Curtis Parvin’s thoughts on The Hateful Eight

It is Tuesday, March 29th and I am bursting at the seams. New release day is here and Quentin Tarantino’s The Hateful Eight is almost in my possession.

I am so excited to see QT’s new film I missed the roadshow screening in the winter of 2015. This was a special engagement 70 mm print screening of the film with an overture, intermission, extra scenes, and a limited edition glossy program – special cameras were even made with Panavision lenses to get that classic cinematic look only celluloid stock can deliver.

Upon finishing Tarantino’s epic 3 hour meditation on racism in the old west, I kicked myself for not having seen it sooner. Not only is The Hateful Eight my favorite film of 2015, I’d also consider it in the top tier of films that Tarantino has ever made! Aside from good writing and a well-acted story, the film’s socio-political themes force the audience to deal with America’s bloody past.

The film begins with shots of a blizzard and a crucifix covered in snow. A horse-drawn carriage pulls to a halt in front of a man standing near a pile of corpses.

“Got room for one more?” asks Major Marquis Warren (Samuel L. Jackson) as he puffs on his pipe.

He persuades John “The Hangman” Ruth (Kurt Russell) and Ruth’s prisoner, a battered woman named Daisy Domergue (Jennifer Jason Lee) to give him a lift. Soon, a drifter named Chris Mannix joins their party, claiming to be the sheriff of their final destination, a town called Red Rock.

The blizzard gets too intense for further travel, so our protagonists’ carriage pulls up to a wooden cabin called Minnie’s Haberdashery to wait out the storm overnight. Here, more shady characters are introduced, and the Tarantino All-Stars™ assemble. Actors Tim Roth (Reservoir Dogs and Pulp Fiction) and Michael Madsen (Reservior Dogs, Kill Bill Vol. 1 and Kill Bill Vol. 2)  have been with QT since the inception of his career and really shine here.  One plays loquacious and sophisticated, the other gruff and enigmatic. Both are surely up to no good.

The last 2 strangers are a confederate general, Sandy Smithers (Bruce Dern) and a Mexican farmhand, Señor Bob (Demián Bichir), but I can’t revealany more without spoiling the many twists and turns of The Hateful Eight.

However, I can say this…

Quentin Tarantino is a very polarizing filmmaker. It’s likely that general audiences are going to split into two camps over this film: those who get what he is trying to do and those who don’t. QT is trying to accomplish what his idol Martin Scorsese has in his own filmography: entertain an audience while simultaneously hitting them very hard with provocative imagery and themes. Tarantino is a bigger fan of more exploitative cinema than Scorcese, however, and thus, his approach can be a bit too confrontational for some viewers.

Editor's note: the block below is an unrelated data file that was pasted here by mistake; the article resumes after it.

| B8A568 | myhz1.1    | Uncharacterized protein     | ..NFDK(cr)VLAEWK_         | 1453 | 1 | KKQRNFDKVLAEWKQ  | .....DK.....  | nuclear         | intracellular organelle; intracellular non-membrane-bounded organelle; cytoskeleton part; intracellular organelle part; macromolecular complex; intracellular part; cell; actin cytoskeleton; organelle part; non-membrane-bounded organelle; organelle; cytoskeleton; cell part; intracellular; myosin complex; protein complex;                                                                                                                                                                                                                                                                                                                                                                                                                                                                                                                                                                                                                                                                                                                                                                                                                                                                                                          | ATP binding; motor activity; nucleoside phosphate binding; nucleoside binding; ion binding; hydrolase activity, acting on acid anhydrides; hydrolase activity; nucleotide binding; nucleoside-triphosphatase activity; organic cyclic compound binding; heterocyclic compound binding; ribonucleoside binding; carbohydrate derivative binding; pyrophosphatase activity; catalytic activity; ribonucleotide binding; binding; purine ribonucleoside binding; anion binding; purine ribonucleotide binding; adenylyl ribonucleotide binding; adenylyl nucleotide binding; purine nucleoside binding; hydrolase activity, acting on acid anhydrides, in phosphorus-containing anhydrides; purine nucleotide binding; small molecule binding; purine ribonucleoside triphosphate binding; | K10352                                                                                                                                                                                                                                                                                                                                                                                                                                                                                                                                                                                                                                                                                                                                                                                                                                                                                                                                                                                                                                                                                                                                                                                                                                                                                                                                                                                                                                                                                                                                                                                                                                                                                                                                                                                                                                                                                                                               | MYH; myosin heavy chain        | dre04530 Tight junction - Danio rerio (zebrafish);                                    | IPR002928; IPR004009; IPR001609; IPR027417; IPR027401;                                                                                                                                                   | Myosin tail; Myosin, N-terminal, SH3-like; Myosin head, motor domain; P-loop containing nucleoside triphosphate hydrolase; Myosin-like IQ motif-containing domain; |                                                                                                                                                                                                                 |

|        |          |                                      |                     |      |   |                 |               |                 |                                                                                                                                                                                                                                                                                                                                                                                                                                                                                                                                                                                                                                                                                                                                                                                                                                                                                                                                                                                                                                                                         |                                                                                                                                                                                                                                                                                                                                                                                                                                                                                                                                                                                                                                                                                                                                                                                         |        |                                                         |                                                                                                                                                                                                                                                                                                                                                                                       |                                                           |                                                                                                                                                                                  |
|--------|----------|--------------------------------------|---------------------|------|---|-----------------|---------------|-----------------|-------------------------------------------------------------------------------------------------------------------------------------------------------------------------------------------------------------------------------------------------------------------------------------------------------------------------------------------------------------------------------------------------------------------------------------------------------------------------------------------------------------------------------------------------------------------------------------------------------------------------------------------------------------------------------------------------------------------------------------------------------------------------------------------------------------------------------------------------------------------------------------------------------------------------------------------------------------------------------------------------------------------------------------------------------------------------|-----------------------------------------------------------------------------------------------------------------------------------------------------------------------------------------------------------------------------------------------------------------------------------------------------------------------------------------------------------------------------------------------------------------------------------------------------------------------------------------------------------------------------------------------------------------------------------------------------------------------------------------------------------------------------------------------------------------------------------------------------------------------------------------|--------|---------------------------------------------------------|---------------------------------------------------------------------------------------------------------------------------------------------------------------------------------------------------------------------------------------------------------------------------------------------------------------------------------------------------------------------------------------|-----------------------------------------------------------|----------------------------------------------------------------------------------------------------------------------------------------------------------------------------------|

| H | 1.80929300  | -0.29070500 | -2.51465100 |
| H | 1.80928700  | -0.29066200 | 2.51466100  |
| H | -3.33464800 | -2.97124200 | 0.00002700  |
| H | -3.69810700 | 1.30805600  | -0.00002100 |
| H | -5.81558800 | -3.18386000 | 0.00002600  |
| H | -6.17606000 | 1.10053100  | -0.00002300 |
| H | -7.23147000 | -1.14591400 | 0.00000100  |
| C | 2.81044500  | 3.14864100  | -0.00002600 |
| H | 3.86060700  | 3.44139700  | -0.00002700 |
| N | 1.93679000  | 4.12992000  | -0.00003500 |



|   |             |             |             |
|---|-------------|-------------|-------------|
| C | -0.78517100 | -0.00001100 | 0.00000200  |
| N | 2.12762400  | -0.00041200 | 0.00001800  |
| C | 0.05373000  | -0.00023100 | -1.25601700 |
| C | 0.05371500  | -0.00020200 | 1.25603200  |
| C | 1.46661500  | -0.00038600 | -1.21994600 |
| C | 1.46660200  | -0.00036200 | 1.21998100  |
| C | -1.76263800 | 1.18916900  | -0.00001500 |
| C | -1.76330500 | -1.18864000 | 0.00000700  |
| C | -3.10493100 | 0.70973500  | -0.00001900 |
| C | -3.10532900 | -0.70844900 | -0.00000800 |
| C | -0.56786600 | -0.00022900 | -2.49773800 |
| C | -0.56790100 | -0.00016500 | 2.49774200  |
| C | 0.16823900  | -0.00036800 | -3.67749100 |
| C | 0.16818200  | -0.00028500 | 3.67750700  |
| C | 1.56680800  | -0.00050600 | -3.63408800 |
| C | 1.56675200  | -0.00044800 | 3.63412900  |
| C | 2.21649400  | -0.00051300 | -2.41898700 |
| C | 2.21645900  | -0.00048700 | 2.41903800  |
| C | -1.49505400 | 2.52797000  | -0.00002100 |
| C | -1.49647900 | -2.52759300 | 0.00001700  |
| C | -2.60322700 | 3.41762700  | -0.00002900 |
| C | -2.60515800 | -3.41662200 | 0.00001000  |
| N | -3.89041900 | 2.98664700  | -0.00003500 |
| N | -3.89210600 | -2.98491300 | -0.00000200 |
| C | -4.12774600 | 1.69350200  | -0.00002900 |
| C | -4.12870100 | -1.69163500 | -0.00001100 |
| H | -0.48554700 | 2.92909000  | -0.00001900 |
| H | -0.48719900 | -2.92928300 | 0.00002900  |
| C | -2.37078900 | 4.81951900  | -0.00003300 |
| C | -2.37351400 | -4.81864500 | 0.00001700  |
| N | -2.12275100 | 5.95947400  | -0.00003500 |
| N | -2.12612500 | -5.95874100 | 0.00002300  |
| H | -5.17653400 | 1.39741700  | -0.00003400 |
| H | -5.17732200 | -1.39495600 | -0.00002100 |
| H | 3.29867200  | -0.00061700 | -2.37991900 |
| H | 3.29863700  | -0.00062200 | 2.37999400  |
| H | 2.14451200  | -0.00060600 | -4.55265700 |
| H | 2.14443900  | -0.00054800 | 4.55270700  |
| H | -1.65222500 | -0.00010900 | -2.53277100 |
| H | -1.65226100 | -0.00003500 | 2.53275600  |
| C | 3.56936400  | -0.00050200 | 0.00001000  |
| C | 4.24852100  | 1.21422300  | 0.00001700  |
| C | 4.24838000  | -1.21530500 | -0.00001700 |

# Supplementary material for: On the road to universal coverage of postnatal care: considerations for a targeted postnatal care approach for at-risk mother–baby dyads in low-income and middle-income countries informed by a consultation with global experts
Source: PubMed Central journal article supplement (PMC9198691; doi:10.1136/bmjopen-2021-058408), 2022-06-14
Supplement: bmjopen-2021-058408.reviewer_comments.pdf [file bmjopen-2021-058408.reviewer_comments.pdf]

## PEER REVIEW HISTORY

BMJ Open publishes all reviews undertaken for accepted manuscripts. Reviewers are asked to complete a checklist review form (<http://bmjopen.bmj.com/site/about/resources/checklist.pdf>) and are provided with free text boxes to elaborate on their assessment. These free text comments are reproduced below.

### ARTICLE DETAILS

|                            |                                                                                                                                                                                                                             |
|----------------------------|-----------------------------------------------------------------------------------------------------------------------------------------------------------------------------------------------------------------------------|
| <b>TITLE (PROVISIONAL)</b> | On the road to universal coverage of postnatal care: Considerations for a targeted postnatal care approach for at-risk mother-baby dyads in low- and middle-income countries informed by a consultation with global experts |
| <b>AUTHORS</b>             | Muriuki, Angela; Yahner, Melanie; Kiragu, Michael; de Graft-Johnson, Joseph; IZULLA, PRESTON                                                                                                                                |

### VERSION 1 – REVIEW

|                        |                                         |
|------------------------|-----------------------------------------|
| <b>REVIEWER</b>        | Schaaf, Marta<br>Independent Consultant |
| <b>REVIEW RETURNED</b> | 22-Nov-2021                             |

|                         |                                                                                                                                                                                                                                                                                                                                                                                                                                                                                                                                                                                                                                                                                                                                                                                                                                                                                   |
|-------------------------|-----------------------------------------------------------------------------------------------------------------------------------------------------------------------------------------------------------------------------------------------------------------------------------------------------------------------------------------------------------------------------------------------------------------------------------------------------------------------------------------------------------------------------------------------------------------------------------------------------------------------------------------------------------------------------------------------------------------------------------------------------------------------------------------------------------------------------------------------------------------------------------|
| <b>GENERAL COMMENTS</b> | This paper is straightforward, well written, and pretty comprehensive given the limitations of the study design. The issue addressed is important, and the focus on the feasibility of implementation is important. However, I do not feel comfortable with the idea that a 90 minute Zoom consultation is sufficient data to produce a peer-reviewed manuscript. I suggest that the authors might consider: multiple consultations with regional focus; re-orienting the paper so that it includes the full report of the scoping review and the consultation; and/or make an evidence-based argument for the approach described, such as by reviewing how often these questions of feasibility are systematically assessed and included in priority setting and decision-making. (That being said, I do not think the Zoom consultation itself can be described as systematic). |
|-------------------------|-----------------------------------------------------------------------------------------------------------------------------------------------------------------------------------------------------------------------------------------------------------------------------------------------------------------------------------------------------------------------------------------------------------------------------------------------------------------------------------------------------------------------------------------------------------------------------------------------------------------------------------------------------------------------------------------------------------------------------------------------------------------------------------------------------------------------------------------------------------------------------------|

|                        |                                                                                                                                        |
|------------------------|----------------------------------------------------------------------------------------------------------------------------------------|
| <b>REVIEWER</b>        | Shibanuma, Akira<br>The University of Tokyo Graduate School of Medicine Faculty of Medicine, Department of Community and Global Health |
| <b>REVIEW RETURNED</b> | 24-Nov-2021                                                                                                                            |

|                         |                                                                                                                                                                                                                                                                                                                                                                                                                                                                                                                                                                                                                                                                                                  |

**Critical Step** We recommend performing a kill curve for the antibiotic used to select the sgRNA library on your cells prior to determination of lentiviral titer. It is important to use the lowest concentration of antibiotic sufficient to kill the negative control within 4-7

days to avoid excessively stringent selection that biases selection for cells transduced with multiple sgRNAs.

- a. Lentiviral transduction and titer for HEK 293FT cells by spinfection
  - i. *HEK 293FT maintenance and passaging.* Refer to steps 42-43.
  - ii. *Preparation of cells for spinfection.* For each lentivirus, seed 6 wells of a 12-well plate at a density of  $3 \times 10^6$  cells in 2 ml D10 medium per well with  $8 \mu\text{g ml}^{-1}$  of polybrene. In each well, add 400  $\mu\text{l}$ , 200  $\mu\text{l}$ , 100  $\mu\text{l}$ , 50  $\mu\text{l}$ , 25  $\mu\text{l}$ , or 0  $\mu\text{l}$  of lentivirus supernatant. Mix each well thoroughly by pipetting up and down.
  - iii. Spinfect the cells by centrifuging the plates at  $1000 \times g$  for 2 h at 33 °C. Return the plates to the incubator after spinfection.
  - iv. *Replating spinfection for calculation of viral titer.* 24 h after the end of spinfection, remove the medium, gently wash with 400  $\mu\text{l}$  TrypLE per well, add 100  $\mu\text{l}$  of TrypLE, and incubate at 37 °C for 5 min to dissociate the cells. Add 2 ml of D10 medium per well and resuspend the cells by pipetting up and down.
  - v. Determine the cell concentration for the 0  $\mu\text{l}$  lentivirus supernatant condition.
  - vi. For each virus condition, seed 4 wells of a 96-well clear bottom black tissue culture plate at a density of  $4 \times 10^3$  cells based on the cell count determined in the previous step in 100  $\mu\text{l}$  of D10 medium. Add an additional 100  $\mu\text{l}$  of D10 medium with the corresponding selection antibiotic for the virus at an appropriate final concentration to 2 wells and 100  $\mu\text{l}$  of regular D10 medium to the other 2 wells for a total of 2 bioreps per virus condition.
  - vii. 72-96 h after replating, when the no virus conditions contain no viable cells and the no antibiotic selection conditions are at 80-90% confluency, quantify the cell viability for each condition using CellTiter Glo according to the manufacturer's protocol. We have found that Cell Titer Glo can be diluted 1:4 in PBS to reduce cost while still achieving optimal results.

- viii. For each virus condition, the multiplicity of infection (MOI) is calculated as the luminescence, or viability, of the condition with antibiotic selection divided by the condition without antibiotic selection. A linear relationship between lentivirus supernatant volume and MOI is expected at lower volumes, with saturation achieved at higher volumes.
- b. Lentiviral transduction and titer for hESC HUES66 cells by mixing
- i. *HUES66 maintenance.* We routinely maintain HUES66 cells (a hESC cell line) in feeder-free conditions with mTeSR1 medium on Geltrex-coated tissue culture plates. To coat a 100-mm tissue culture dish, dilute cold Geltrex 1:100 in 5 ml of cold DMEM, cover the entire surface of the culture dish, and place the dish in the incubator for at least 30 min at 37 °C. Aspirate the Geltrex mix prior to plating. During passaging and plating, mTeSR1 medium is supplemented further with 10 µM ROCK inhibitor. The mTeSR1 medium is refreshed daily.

Stated bluntly, QT isn’t afraid to shove violence/gore right in your face. What many people dislike about his work is his seeming justification of violence. Detractors feel his violence is unwarranted and excessive; Kill Bill Vol. 1 and 2 encapsulate their criticisms perfectly. In those films, a pregnant bride’s wedding party is brutally murdered by a hit squad and she is left for dead. This is until she awakens from a coma and hunts them down in “a roaring rampage of revenge.”

While I admit that Kill Bill is incredibly entertaining, it lacks the substance of his more socially relevant genre films like Inglorious Basterds (2009), Django Unchained (2012) and most recently, The Hateful Eight. In adding a historical element to his films in recent years, Tarantino has been able to transcend the stigma of a grindhouse fanboy who got a lucky break. Placing violence in its proper historical context has allowed QT to  become a political filmmaker. The Hateful Eight deals with a country during a time when tensions were at a breaking point, post-Civil War.

There are really no good guys in The Hateful Eight, which might be a hard pill for a mainstream audience to swallow. Everyone’s stories and actions show how deep the river of animosity flows. However, if you can get past the harsh language and intensely violent third act, TH8 features some of the best acting of 2015. Furthermore, If you’re a Samuel L. Jackson fan, his performance as Union General Marquis Warren is one for the history books.

I would recommend The Hateful Eight for its acting and socio-political subtext. There is a lot more going on here than the yelling of epithets and gunslingers blowing each other apart. America has blood on its hands, and I think it has finally found an filmmaker/artist who can show us how repulsive racism, sexism and xenophobia really are.

 

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